On Friday, NRO’s Jim Geraghty chatted with Governor Bob McDonnell of Virginia.
GERAGHTY: The ultrasound bill that attracted national attention, the presidential primary, the governors’ meeting. Just another slow week, huh? You must feel as if you’ve been through the wringer just with the coverage of the Virginia legislature.
MCDONNELL: If you just read the papers, you have no idea what’s going on in the legislature because the reporting has been so poor this session. There has been inordinate focus on about three or four bills, to the exclusion of the other 1,000 bills — especially on big stuff such as higher ed, K–12, energy, veterans, pension reform, and a lot of other things that are very significant and are getting virtually no attention. It’s been pretty poor overall.
GERAGHTY: One of the facts that came up during the ultrasound debate was a report from Planned Parenthood that indicated administering ultrasounds was standard procedure before performing an abortion. Why did so much controversy get generated by a bill requiring something standard or commonplace? Did all of this come down to the position of the ultrasound monitor, because some clinics performed the ultrasound but did not want to show it to the woman?
MCDONNELL: I think the medical and legal facts were a casualty during much of the media coverage of the issue, unfortunately. My understanding of the clinical practices, according to the standard of care that was already in place, is that the law already required that the probable gestational age of the child be determined. In the overwhelming majority of cases, some sort of ultrasound was already being used to make that determination.
Under Virginia law, as in most states, there are certain types of requirements for a first-trimester abortion, but different legal requirements for a second-trimester abortion. So the practitioner, the doctor, has got to know, with certainty, whether you’re talking about the first or second trimester. And the only way to know with certainty is with an ultrasound. So, yes, in the great majority of cases, it was our understanding from clinics that they already were doing this.
The real impact of the bill is the second part, which virtually no one is talking about, and that is the requirement that once the ultrasound is done, that it be shown to the woman, so that she would know the probable gestational age. And she could actually view her child, so she could have all of the information necessary to make an informed decision.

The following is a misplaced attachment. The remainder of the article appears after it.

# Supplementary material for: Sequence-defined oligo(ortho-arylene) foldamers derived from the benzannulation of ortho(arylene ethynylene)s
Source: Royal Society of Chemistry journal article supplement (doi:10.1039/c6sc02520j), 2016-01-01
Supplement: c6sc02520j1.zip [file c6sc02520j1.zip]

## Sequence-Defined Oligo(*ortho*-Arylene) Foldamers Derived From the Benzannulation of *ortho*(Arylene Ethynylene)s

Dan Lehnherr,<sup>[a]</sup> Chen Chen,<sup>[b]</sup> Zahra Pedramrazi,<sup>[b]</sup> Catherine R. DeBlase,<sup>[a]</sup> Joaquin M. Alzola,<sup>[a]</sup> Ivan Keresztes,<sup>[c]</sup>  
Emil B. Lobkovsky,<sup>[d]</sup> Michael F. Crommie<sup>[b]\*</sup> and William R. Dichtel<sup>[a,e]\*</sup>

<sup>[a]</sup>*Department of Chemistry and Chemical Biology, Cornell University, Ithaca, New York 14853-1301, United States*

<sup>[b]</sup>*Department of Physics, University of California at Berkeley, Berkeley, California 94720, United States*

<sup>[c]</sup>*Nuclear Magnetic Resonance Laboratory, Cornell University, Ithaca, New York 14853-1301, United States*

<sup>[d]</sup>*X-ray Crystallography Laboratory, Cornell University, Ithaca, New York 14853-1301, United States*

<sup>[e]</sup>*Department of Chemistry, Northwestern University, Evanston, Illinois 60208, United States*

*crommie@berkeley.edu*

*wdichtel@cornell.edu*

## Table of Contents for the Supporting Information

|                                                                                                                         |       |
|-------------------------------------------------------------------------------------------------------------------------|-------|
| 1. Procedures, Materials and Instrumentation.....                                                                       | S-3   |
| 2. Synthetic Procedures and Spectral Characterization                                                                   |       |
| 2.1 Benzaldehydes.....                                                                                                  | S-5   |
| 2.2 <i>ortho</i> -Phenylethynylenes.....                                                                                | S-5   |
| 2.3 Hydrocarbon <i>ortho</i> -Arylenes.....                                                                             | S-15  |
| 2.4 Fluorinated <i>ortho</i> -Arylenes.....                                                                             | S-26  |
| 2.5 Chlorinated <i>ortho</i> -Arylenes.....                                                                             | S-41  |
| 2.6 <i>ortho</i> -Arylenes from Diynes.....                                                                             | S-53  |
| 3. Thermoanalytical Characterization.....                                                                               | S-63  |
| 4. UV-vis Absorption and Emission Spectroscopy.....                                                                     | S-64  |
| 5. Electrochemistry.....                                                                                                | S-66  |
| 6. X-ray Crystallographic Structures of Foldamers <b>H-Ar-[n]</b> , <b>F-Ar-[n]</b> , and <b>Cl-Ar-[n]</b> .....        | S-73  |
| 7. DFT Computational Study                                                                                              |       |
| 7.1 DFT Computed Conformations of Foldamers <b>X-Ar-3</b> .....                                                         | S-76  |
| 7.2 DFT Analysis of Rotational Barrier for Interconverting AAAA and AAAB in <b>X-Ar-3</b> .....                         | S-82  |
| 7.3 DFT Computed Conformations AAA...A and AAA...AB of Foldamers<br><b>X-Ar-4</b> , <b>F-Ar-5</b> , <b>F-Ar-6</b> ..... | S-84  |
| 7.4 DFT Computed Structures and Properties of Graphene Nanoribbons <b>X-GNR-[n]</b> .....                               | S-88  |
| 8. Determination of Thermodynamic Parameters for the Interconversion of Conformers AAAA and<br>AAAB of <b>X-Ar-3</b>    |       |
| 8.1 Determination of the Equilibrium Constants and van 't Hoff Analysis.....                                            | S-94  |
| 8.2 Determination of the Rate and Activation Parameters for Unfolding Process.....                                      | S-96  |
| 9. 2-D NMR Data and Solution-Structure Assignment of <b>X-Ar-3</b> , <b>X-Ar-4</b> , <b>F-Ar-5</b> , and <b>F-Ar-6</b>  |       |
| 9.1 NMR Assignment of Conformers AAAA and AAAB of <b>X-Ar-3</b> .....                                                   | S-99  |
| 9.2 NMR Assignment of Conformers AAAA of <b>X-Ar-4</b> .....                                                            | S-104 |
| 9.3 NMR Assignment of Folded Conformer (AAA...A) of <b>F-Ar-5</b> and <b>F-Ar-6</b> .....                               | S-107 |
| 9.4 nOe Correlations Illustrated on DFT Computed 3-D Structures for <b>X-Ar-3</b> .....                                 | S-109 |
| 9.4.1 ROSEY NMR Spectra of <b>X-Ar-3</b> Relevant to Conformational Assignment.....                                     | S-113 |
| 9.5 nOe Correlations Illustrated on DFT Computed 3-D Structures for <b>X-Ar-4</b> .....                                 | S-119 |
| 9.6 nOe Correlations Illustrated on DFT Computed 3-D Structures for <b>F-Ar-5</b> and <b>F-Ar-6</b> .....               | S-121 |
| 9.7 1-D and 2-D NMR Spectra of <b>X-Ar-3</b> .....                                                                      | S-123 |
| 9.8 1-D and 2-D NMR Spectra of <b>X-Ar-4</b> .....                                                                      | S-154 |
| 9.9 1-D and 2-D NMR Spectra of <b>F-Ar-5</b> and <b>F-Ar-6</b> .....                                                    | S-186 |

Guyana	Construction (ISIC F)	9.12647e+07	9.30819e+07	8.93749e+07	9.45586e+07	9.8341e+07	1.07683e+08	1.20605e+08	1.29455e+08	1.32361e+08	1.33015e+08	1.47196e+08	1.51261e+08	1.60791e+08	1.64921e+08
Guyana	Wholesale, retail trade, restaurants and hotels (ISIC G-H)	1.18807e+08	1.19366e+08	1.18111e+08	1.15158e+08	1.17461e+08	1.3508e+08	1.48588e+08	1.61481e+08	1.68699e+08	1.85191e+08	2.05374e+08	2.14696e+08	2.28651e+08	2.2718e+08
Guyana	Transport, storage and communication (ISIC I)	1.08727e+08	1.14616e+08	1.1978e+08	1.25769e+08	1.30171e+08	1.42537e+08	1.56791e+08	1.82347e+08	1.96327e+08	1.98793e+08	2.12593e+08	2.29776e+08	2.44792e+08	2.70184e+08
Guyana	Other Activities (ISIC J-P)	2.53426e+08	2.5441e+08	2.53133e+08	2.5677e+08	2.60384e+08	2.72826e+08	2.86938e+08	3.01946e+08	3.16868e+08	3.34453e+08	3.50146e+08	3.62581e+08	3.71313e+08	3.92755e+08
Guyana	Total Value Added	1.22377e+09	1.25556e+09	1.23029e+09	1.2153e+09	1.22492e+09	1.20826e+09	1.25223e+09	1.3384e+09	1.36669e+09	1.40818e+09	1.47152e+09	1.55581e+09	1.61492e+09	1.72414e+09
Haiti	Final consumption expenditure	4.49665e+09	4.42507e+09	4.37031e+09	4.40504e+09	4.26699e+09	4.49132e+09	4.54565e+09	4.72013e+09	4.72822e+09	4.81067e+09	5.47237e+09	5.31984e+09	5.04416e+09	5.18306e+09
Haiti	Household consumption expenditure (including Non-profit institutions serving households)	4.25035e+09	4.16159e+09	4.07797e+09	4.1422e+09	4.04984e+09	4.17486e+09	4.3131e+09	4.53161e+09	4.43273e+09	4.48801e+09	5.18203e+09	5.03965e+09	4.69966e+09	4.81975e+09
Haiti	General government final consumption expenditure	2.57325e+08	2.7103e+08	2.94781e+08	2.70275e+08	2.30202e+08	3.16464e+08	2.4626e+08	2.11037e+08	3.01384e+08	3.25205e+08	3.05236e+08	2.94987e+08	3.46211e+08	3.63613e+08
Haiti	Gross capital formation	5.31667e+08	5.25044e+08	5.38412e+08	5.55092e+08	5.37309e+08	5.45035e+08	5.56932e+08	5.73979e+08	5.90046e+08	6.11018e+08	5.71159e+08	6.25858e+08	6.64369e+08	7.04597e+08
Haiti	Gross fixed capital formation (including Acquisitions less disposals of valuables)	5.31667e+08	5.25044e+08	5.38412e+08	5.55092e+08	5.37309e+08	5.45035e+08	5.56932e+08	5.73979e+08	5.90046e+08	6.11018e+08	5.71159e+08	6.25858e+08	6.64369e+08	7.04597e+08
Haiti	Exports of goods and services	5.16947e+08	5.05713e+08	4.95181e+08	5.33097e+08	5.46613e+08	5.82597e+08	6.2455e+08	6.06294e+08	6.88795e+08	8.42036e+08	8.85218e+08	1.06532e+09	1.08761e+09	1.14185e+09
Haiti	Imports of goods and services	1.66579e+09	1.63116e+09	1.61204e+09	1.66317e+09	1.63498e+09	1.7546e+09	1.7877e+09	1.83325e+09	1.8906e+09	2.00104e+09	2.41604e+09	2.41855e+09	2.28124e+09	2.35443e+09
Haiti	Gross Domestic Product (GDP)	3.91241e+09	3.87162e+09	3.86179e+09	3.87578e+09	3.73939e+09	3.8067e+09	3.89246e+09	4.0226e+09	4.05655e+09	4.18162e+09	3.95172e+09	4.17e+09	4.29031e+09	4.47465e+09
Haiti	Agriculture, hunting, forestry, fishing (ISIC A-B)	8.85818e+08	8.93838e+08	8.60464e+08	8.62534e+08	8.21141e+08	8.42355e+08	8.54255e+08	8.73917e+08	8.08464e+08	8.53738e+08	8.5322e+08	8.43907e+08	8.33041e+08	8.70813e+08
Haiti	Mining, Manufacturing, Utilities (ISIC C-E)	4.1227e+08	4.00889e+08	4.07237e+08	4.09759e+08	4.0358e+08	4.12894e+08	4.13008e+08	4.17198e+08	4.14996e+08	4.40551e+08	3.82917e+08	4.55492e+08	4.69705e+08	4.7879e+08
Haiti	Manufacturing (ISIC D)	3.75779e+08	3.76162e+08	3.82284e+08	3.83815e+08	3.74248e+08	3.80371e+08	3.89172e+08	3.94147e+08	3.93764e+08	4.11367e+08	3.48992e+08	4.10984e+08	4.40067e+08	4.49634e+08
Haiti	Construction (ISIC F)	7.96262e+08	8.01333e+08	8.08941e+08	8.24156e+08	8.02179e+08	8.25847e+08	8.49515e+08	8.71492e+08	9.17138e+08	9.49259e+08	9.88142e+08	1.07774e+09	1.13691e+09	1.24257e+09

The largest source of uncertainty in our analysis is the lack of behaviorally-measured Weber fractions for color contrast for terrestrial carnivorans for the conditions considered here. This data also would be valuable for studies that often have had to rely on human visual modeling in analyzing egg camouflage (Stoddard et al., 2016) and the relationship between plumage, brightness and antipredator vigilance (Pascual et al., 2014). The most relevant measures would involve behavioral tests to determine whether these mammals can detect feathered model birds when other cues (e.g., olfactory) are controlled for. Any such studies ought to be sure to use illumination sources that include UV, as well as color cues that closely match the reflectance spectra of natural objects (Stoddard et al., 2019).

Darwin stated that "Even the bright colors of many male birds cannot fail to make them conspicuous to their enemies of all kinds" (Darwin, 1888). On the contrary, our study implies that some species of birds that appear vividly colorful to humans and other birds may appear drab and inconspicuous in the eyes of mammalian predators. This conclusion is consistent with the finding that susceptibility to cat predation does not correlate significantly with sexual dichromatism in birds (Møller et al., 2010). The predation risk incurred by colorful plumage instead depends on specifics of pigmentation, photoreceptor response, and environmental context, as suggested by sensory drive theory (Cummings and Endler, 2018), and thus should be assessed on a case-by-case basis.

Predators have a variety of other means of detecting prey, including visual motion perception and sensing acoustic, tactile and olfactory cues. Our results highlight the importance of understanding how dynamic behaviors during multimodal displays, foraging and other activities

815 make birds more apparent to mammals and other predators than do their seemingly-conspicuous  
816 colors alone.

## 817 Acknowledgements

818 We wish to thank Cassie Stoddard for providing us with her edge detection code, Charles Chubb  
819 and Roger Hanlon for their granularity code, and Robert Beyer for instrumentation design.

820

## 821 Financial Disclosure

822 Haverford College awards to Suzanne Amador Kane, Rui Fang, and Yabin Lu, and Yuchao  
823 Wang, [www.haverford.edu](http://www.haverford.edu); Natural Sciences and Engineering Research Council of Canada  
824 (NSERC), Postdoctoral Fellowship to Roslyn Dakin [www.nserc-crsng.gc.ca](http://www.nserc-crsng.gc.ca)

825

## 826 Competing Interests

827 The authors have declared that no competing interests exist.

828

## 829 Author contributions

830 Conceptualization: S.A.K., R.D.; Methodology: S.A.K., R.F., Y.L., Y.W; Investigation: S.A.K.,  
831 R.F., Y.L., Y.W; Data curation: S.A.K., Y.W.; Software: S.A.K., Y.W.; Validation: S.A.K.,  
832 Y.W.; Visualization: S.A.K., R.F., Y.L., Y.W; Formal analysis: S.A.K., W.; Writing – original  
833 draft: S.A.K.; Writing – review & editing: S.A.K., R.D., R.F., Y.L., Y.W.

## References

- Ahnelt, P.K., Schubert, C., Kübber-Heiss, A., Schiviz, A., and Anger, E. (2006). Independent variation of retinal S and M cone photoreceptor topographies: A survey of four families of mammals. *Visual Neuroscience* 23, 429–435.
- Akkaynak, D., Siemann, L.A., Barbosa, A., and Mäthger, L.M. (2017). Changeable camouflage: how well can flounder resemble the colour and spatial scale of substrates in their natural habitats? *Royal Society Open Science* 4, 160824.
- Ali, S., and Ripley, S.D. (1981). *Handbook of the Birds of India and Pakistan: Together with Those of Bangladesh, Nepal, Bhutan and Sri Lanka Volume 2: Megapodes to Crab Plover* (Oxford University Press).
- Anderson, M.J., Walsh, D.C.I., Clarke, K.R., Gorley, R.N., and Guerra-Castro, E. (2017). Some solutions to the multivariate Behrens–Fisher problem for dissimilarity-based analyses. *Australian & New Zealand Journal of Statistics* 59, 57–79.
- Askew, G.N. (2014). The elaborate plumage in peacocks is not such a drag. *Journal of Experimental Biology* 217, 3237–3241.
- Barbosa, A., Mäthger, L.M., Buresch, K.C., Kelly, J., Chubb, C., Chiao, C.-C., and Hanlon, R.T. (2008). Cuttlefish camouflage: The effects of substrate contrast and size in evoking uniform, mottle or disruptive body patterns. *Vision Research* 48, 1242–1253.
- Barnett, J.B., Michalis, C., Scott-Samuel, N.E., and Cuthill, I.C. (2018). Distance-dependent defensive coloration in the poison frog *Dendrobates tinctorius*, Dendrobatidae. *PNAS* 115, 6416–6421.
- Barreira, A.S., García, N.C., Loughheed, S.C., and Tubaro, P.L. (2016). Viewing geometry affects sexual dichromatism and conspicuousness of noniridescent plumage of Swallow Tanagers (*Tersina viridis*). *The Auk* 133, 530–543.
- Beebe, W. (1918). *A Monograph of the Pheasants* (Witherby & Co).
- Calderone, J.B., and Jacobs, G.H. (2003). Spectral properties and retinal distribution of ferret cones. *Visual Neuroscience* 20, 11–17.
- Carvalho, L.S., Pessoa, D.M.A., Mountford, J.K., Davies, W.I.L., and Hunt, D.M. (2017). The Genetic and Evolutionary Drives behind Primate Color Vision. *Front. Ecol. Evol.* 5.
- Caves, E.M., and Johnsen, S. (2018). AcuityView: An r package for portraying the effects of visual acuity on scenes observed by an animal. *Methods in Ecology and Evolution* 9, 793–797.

Back when I was in the legislature, I carried the original bill, not the ultrasound, but the informed-consent statute. We’ve always called the bill “the woman’s right to know” bill. Despite the rhetoric of opponents, this was about empowering women with more medical and legal information that previously they were not required to get in order to give informed consent.
Informed consent is required for every invasive medical procedure, from getting your ears pierced to having an abortion. All this said was that the doctor is required to offer you, verbally, an opportunity to view the ultrasound, not just a still photograph. It could be real-time, it could be subsequent video, but you actually get to see the video of your child and then to ask questions and to make your final decision.
To me, it’s about empowering women with information. I think, unfortunately, a lot of that got lost in the discussion.
Here’s the other thing: About nine other states have laws like the original bill that mandate an ultrasound but don’t say what type. Another 15 states have laws that don’t mandate the ultrasound, but say you have to offer it, and if they accept the offer, they have to be able to see the ultrasound. Virginia will now join nearly half the states in America that have some kind of ultrasound law. You wouldn’t know that from the coverage; you would have thought Virginia was doing something that had never been done.